|Posted by a.marlow on October 8, 2012 at 5:40 AM||comments (0)|
It might sound glib but, if you're suffering from a body image problem, it might do you good to get out into nature for a bit.
What does nature have to do with an eating disorder or body dysmorphia, though?
The answer lies in what might have caused that condition. It is at least partly true that our society's cultural standards of beauty and attractiveness are responsible for the creation of such disorders- from this perspective, it makes perfect sense that a woman who is constantly trying to get thinner, despite being told by her friends that she already looks like a skeleton, would be doing so because of a perceived pressure to be thin. And, from this perspective, it also makes sense that taking yourself out of the environment that made you feel that pressure in the first place could only do you good.
This idea has (not so) recently been tested by one ecopsychologist. Writing in the Journal Ecopsychology, Hennigan describes a study she conducted on the lived experiences of 12 women during time spent in nature. Hennigan concluded that: "results of this organic inquiry supported the idea that spending time in natural settings improved body image by way of distancing women from the cultural context, increasing embodied experiences, and supporting connection to nature." In plain english, this means that getting into the countryside can both take you away from the cultural pressures of living in a city where you are constantly bombarded by messages about how to lose weight etc., and also that being in nature itself is a way of experiencing your body as something positive.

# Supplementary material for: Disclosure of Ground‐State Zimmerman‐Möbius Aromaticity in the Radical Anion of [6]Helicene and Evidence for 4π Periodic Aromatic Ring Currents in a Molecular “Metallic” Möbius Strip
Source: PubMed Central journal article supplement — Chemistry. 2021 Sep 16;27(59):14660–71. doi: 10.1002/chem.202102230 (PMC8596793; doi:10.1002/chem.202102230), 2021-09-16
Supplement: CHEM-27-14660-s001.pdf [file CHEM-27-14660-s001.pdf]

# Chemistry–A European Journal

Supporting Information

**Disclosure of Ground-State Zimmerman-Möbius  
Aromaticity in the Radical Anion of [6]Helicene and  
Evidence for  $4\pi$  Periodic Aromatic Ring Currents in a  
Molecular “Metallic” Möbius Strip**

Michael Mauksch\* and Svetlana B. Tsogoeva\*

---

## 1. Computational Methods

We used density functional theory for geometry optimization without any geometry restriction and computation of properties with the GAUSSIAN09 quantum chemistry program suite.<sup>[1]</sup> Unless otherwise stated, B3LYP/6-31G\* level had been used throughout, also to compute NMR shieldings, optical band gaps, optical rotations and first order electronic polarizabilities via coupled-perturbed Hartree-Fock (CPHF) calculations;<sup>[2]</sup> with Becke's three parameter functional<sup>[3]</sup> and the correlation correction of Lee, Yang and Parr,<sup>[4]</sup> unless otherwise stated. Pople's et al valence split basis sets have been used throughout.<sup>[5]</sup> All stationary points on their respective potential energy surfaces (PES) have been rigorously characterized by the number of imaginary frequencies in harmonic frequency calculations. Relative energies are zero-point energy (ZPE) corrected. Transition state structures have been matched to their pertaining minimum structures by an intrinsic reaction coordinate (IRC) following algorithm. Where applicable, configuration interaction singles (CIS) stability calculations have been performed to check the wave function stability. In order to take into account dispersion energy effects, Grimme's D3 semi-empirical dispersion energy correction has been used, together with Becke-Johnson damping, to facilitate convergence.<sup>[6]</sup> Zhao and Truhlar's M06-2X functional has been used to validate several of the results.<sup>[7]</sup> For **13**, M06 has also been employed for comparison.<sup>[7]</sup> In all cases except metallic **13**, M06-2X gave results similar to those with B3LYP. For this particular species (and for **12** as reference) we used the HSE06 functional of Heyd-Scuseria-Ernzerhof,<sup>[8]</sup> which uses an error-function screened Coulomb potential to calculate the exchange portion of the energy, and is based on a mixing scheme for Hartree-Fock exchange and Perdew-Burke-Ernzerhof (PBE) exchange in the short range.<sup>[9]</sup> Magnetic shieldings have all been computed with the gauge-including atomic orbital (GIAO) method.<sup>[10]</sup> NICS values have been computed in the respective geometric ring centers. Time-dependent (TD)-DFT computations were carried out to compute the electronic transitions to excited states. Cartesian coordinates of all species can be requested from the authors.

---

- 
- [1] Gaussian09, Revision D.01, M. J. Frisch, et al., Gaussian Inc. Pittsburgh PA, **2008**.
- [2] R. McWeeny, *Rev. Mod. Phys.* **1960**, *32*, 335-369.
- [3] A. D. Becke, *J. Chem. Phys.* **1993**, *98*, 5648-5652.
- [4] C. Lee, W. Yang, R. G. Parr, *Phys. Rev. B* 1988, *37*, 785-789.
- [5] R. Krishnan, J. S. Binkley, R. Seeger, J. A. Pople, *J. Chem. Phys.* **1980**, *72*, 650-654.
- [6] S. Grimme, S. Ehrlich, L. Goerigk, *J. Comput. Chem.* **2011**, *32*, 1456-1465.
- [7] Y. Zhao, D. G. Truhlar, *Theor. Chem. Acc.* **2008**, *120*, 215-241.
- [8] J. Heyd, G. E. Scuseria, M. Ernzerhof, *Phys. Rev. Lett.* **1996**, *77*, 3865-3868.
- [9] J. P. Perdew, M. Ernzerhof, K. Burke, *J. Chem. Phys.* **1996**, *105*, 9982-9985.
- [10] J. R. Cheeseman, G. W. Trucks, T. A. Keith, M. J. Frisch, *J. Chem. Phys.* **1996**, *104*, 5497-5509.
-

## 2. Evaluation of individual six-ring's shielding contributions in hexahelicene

Hennigan, K, 2010. "Therapeutic Potential of Time in Nature: Implications for Body Image in Women", Ecopsychology, 2(3), 135-140